history and characteristics of the defendant; (2) the need for the sentence imposed to

reflect the seriousness of the offense, to promote respect for the law, and to provide

just punishment for the offense; (3) the need to afford adequate deterrence to criminal

conduct, and to protect the public from further crimes of the defendant; (4) the need to

provide the defendant with educational or vocational training, medical care, or other

correctional treatment in the most effective manner; (5) the Guidelines and policy

statements issued by the Sentencing Commission; (6) the need to avoid unwarranted

sentence disparities among defendants with similar records who have been found guilty

of similar conduct; and (7) the need to provide restitution to any victims of the offense.

18 U.S.C. § 3553(a).

Nature and characteristics of offense and history and characteristics of the


The defendant lead an organized scheme to defraud merchants and individuals

in the Topeka and Lawrence area to the tune of nearly three quarters of a million

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dollars. As proved at trial, the defendant showed a careless disregard for the property

rights of the merchants and the unwitting eBay consumers who purchased the stolen

items she sold. The defendant, by providing an outlet for stolen goods, enabled drug

users to fuel their addictions by sharing in ill-gotten gains.

The defendant’s criminal conduct occurred over a span of a significant period of

time. This is not a situation where someone committed an isolated crime. The

defendant did not cease her criminal activity after the she learned that law enforcement

and eBay were aware of her illegal activities. She found another eBay account and

continued to accept and sell items she knew to be stolen. Additionally, the defendant’s

conduct pending trial in this matter, by repeatedly violating the Court’s orders,

demonstrate her lack of respect for the legal system.

The defendant indicates that she will rely upon the previously performed mental

health evaluation to support a non-guidelines sentence. She identifies, as a basis for a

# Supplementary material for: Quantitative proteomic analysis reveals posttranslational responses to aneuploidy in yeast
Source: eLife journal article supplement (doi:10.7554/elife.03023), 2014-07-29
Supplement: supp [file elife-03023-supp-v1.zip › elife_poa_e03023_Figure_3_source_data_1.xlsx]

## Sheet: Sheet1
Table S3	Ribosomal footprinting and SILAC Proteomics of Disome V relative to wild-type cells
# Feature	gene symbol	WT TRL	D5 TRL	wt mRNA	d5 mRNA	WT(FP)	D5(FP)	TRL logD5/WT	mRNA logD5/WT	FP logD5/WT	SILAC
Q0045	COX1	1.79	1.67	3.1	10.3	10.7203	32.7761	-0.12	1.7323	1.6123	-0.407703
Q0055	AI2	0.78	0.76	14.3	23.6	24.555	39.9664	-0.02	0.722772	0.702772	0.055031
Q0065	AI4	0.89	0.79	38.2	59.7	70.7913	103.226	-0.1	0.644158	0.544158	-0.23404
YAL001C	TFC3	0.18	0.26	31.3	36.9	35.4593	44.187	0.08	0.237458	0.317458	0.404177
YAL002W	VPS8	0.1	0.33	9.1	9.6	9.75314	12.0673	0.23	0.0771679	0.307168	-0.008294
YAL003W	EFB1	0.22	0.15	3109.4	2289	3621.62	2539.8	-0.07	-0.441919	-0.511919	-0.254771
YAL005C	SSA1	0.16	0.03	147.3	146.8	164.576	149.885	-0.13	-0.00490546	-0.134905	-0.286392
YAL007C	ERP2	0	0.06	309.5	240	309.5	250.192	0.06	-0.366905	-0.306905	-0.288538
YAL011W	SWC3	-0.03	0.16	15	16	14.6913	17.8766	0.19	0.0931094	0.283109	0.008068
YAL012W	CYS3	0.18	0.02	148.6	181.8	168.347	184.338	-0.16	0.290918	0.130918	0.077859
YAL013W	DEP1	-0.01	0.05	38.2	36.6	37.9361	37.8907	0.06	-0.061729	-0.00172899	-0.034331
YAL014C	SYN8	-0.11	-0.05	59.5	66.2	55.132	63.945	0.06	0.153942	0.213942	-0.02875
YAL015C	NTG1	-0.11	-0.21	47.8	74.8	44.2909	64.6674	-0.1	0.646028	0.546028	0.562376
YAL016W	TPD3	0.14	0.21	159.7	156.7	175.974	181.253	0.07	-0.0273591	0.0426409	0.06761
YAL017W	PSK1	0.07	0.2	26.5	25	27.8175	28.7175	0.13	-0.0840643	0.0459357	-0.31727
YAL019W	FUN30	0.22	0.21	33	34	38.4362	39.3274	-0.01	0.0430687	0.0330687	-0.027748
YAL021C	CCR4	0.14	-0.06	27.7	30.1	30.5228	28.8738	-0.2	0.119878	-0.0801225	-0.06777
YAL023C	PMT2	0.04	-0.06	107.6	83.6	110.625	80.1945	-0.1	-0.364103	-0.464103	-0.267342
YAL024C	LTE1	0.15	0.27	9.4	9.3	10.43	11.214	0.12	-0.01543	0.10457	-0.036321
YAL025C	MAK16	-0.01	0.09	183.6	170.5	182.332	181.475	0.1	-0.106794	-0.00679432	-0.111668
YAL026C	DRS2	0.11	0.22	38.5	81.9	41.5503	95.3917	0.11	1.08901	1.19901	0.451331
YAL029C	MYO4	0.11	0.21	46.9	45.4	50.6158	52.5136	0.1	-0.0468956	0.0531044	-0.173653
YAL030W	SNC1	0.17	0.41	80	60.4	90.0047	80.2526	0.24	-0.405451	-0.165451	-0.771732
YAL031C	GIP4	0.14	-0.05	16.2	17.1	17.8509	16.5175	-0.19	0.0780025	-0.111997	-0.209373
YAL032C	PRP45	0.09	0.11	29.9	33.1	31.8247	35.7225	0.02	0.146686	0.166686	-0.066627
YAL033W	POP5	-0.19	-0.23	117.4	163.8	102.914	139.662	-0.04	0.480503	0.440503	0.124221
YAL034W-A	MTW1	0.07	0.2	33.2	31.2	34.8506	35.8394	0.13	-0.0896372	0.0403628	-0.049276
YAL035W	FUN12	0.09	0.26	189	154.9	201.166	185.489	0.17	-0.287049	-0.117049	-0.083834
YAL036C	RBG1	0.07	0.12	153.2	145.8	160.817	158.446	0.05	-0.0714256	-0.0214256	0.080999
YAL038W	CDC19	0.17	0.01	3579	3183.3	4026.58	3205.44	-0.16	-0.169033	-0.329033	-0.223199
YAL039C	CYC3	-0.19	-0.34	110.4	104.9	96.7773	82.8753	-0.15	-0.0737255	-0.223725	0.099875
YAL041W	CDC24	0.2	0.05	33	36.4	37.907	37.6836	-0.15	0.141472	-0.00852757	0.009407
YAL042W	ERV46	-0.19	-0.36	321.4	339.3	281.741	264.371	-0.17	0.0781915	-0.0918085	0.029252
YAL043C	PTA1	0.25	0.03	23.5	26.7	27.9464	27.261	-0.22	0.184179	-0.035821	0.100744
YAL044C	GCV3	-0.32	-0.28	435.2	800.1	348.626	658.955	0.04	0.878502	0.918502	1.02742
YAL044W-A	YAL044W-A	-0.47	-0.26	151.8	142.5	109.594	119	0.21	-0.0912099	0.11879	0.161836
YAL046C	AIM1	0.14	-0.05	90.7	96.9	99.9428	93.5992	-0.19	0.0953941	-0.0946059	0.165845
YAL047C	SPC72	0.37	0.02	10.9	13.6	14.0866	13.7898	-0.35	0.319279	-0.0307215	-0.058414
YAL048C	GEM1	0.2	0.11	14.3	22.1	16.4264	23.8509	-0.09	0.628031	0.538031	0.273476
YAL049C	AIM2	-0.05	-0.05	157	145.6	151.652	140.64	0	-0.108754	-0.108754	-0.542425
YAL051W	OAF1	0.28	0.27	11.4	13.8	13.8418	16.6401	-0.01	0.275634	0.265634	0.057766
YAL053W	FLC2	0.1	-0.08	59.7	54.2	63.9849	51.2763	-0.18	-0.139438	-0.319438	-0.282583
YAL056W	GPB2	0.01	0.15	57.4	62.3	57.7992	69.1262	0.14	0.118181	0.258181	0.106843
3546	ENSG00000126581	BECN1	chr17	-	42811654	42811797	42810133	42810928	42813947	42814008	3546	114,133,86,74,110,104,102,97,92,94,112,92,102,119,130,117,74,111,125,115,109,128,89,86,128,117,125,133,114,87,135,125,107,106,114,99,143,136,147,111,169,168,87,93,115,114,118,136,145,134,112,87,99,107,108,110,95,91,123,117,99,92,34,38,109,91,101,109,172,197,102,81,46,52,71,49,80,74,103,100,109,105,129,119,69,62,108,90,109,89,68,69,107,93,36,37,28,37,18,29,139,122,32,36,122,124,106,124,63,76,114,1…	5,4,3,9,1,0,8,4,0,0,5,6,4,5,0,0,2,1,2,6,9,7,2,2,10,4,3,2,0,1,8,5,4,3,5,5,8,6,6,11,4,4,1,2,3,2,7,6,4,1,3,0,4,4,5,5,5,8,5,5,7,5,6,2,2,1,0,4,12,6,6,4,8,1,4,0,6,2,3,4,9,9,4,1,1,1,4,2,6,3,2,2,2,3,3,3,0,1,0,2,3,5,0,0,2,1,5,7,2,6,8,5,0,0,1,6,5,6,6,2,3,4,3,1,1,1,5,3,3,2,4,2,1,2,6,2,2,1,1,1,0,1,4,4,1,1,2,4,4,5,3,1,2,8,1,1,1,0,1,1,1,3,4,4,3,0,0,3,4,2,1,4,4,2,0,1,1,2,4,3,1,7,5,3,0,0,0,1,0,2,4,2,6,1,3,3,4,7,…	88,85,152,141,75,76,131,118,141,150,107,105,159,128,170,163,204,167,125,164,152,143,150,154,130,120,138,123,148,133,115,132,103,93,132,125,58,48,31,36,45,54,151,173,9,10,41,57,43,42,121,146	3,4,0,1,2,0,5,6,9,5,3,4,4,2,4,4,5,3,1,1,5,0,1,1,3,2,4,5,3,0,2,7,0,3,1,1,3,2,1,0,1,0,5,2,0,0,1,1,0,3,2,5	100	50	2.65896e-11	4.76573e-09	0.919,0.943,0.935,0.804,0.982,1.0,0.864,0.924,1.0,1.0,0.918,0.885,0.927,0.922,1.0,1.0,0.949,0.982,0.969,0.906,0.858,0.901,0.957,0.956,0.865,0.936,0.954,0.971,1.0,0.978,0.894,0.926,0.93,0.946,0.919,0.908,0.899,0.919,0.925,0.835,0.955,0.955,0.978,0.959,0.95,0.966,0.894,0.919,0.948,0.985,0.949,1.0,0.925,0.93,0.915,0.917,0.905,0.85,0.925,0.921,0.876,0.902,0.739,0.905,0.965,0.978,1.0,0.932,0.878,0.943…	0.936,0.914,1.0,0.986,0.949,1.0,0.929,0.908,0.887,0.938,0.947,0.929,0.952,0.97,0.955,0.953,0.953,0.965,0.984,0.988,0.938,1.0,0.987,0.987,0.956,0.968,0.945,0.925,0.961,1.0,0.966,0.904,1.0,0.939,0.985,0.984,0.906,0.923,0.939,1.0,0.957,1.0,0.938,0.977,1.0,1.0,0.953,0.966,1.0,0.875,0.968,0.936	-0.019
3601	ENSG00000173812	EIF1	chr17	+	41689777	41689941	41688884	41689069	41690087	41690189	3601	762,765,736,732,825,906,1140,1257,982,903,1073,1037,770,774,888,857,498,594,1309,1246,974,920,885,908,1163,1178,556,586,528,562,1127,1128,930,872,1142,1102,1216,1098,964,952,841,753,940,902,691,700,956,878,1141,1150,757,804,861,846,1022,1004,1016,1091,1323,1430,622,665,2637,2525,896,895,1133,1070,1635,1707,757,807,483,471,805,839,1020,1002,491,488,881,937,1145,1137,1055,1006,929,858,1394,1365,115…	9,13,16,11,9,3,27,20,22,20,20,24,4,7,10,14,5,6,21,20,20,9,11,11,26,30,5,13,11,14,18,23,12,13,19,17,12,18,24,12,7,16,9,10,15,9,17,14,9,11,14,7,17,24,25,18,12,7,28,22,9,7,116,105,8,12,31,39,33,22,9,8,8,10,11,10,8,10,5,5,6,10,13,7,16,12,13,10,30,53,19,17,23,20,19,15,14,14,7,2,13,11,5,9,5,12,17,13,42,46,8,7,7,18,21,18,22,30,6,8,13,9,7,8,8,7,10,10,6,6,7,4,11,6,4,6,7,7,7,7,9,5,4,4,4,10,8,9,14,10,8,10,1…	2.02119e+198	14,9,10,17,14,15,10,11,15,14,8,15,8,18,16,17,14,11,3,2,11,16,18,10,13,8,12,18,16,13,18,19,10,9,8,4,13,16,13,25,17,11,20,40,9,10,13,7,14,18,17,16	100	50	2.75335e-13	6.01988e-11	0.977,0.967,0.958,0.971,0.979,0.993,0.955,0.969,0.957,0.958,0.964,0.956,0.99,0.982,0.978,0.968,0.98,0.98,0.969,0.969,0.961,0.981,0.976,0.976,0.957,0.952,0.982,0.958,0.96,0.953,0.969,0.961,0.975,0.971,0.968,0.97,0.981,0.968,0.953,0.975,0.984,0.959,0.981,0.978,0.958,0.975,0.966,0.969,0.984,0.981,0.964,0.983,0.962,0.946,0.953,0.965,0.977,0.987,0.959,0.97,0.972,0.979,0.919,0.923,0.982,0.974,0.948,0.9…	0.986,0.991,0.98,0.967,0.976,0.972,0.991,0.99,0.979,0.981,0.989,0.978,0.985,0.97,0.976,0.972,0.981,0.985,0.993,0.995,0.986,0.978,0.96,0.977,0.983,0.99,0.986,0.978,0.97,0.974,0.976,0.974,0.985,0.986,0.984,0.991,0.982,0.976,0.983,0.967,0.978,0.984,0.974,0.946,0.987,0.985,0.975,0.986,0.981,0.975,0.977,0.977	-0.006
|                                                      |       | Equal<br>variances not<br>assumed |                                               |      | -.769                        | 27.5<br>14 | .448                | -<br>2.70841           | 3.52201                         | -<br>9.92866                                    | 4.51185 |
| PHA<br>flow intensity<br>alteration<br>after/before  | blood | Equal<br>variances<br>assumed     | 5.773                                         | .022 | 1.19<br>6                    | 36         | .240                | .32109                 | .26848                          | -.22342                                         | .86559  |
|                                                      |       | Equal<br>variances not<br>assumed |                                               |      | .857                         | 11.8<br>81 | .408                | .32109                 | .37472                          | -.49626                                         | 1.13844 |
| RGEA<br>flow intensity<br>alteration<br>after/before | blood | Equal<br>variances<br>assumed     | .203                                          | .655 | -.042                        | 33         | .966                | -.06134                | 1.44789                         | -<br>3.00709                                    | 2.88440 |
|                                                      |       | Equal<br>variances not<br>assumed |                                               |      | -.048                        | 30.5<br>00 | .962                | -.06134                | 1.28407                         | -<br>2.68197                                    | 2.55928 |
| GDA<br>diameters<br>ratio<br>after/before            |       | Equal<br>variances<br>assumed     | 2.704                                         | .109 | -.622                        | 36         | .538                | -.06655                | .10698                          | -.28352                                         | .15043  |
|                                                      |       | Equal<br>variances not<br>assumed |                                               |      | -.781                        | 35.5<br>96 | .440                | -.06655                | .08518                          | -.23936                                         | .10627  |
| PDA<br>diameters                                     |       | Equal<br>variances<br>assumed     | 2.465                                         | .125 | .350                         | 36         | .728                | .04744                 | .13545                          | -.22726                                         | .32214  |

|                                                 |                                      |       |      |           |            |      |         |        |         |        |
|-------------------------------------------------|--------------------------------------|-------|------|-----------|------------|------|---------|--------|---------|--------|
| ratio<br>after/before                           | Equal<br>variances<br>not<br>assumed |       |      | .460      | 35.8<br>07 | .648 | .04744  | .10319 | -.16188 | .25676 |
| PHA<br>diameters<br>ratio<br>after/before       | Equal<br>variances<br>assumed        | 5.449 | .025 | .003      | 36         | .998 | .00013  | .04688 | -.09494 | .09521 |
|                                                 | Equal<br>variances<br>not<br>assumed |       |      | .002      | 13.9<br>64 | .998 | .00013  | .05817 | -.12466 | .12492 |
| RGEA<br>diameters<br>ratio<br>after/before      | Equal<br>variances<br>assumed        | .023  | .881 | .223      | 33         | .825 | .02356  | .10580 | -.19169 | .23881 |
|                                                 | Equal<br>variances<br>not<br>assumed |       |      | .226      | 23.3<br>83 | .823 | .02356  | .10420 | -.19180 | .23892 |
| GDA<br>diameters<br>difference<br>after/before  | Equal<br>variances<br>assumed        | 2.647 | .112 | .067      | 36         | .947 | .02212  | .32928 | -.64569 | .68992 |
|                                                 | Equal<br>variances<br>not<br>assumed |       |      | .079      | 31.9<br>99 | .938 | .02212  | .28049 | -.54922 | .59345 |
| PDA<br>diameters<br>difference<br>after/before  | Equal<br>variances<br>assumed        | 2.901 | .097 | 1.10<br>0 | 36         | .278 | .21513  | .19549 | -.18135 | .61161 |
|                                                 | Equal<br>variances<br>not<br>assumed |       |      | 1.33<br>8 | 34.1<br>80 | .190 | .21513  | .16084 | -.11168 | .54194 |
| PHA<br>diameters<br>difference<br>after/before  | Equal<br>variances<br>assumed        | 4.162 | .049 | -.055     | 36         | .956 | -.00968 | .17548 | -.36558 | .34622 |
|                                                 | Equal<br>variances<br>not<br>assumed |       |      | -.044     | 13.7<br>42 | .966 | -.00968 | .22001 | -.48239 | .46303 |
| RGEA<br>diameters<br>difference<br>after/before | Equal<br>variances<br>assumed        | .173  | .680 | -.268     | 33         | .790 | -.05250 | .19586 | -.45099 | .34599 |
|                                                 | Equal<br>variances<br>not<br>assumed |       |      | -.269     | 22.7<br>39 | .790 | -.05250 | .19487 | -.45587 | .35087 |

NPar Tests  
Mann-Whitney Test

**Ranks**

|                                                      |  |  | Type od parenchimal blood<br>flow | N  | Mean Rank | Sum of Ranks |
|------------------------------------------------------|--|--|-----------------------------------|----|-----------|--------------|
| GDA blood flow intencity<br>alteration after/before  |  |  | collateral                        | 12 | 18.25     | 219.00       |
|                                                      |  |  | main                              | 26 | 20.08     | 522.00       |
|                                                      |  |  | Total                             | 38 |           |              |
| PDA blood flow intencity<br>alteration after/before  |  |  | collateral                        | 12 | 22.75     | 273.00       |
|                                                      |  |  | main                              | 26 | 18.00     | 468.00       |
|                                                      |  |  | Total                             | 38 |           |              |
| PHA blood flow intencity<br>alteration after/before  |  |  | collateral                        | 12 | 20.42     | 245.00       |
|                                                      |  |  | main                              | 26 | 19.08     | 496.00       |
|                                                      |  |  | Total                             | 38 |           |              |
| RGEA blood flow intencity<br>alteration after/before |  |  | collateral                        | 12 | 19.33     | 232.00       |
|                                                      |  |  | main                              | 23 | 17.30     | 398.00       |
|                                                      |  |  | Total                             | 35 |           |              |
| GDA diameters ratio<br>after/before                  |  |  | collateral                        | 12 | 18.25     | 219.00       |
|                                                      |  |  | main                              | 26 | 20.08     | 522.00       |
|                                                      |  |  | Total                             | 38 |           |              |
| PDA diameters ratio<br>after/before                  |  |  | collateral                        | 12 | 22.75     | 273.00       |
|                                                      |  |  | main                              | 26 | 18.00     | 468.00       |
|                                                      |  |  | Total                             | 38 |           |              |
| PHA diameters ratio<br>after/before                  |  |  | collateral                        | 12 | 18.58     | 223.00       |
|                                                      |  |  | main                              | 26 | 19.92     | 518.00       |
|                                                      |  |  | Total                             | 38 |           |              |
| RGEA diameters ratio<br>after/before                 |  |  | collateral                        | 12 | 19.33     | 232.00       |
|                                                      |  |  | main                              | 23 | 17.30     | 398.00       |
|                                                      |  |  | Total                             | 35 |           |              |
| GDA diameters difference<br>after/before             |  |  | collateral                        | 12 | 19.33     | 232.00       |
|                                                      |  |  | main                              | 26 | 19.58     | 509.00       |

departure, U.S.S.G. §5H1.3. That Guidelines provision provides for a departure in

circumstances where the conditions “are present to an unusual degree and distinguish

the case from the typical cases covered by the guidelines.” Neither circumstance is

applicable here.

The defendant also cites 28 U.S.C. §994(d) which directs the United States

Sentencing Commission to take into account the “mental and emotional condition to the

extent that such condition mitigates the defendant’s culpability or to the extent that such

condition is otherwise plainly relevant.” The defendant’s mental condition did not play

a factor, much less a mitigating one, in her criminal conduct.

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Seriousness of defendants’ criminal activity

The defendant’s conduct in this case is serious. As previously mentioned, the

loss attributable to the defendant’s conduct is conservatively calculated at $703,749.33.

The defendant’s criminal conduct involved numerous victims and co-conspirators. Her

fraudulent scheme victimized merchants as diverse as nationwide chains such as

Walmart and Target to local merchants like Assay’s Sporting Goods and Hume Music

to college students whose Trek bikes were stolen at the defendant’s direction.


Deterrence is relative to not only the defendant personally, but also others who

are made aware of her sentence. A significant prison sentence would serve to deter

this defendant, but perhaps more significantly, a prison sentence would serve to deter

other individuals who might be inclined to engage in similar behavior, who learn of this

sentence. White collar cases present a unique opportunity to deter other individuals’

criminal conduct. More so than drug offenders or violent criminals, would be white

collar criminals are likely to be influenced by the prospect of a prison sentence. A

sentence of imprisonment would serve as a deterrence to other individuals who may

learn of the sentence.

Educational/Vocational training

This case does not present any need for rehabilitative vocational training, or any

need for medical treatment that would affect the Court’s sentencing analysis.

Guidelines and Policy Statements and need to avoid unwarranted disparities

As previously argued, these factors support a sentence of imprisonment.

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The sentence which is sufficient but not greater than necessary when taking into

account the factors of 18 U.S.C. 3553(a), the advisory Sentencing Guidelines and the

characteristics of the defendants and their crimes is a sentence168 months, which is

within the Guidelines range calculated by the PSR.

Respectfully submitted,

United States Attorney

s/ D. Christopher Oakley
Assistant U.S. Attorney
500 State Avenue
Kansas City, Kansas 66101
(913) 551-6730
KS S. Ct. No. 19248


The undersigned hereby certifies that on the 11th day of January, 2011, I

electronically filed the foregoing with the clerk of the court by using the CM/ECF system

which will send a notice of electronic filing to all counsel of record

s/ D. Christopher Oakley
D. Christopher Oakley
Assistant U.S. Attorney